UT's Thomas Gutteridge, is in his third job as a dean. UT's Thomas Gutteridge, is in his third job as a dean.
ZAPOTOSKY / BLADE Enlarge

He struggled with engineering drawings and needed a lot of perseverance to get through, he said, but the degree led to several engineering, production, and human-relations jobs with GM. He earned a master's degree and a doctorate in industrial administration from Purdue.

He taught for 13 years at State University of New York at Buffalo and was business dean for nine years at Southern Illinois University and 10 years at the University of Connecticut. He was a member of Connecticut's state board of labor relations and is a federal labor arbitrator.

Dr. Edmister grew up in Bexley, an upscale Columbus suburb, in a family of business owners. But he, too, worked while in college. He obtained a bachelor's degree from Miami University in Oxford, Ohio, a master of business administration from the University of Michigan, and a PhD from Ohio State University. He taught 15 years at the University of Maryland, four years at Purdue, and the last 14 years at the University of Mississippi.

He was a commercial lender for National Bank of Detroit for two years and was a faculty bank-supervision fellow in the Federal Deposit Insurance Corp for a year and later a visiting scholar at the Office of the Comptroller of the Currency. At Ole Miss he was chairman of the banking department and headed a state banking association and a regional finance organization.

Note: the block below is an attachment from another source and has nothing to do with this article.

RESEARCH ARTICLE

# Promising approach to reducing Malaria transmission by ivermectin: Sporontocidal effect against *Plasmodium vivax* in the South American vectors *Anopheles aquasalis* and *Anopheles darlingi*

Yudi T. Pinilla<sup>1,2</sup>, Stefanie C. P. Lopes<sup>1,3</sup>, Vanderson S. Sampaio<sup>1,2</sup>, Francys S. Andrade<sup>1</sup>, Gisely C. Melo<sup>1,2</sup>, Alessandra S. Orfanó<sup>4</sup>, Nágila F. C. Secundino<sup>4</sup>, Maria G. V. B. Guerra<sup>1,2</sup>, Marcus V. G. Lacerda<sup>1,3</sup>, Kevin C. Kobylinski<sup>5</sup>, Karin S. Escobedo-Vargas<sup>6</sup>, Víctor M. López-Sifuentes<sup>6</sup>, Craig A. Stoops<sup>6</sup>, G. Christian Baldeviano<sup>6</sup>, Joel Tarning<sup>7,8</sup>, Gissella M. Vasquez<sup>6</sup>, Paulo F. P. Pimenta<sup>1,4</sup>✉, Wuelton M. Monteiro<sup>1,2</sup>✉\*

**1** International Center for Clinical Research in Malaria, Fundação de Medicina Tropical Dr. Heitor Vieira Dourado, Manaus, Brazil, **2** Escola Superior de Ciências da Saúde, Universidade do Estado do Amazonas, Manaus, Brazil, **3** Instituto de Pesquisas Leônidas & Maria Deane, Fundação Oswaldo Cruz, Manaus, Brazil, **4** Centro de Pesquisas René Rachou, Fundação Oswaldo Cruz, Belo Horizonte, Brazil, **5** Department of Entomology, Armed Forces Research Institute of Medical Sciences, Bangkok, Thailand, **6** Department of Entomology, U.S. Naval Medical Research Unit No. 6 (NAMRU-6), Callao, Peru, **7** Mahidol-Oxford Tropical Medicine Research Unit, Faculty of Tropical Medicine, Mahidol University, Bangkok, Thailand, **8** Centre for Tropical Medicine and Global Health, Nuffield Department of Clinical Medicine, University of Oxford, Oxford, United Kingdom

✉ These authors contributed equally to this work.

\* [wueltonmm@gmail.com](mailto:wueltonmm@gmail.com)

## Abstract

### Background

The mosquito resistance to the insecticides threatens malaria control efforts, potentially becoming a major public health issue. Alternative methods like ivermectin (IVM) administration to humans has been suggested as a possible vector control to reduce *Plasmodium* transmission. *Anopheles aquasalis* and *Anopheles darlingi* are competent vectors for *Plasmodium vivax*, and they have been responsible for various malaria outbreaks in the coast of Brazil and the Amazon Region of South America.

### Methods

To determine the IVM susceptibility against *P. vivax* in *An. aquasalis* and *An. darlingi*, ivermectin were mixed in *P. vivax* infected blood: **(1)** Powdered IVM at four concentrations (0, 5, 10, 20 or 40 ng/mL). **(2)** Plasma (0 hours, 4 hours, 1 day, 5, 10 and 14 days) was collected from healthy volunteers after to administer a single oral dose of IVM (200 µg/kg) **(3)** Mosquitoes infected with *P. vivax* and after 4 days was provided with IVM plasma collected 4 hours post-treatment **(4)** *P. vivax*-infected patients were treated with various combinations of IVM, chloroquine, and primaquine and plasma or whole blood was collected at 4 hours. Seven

He believes one of the strengths he offers BGSU is his background in alumni relationship building.

In Mississippi, he put together a 15-member active advisory board of business executives, backed by a 40-member council of business leaders. “One of the things I am going to be active in is networking between students and alumni,” he said. “That's important so students can get good jobs when they graduate.”

Other priorities are more endowed chairs to attract teacher-scholars and an emphasis on values. “We want our students to understand the values they need to be successful,” he said.

Ashel Bryan, longtime head of Mid Am Inc., a banking company now known as Sky Financial Group, said a dean with a banking background is great. “In banking you get involved in so many businesses and get practical experience in many businesses, and that is a value in teaching business,” he said.

At UT, Dr. Gutteridge styles himself as a “pracademician,” or a practicing academician. One of his goals is to attract better students and give them a better education, he said.

The university's strength, he said, lies in the faculty. “It's a real senior faculty, excellent in the classroom.” A few majors could go out of existence and others may be added or fine-tuned, he said.

Some of the school's offerings, such as its 11-year-old Center for Family Business, will get updated strategic plans, he promised. “The center itself is a microcosm of running a business,” he added.

UT has good ties to the business community, better than he has seen at other universities, but its direction should be more focused, he said.

Dr. Gutteridge and his wife, Judy, a former registered nurse, are in the process of moving into a home in Stone Oak west of Toledo.

Dr. Edmister has moved to Bowling Green. His wife, Julie, who has a doctorate in educational leadership, will join him this year, and she starts as a BGSU professor in January.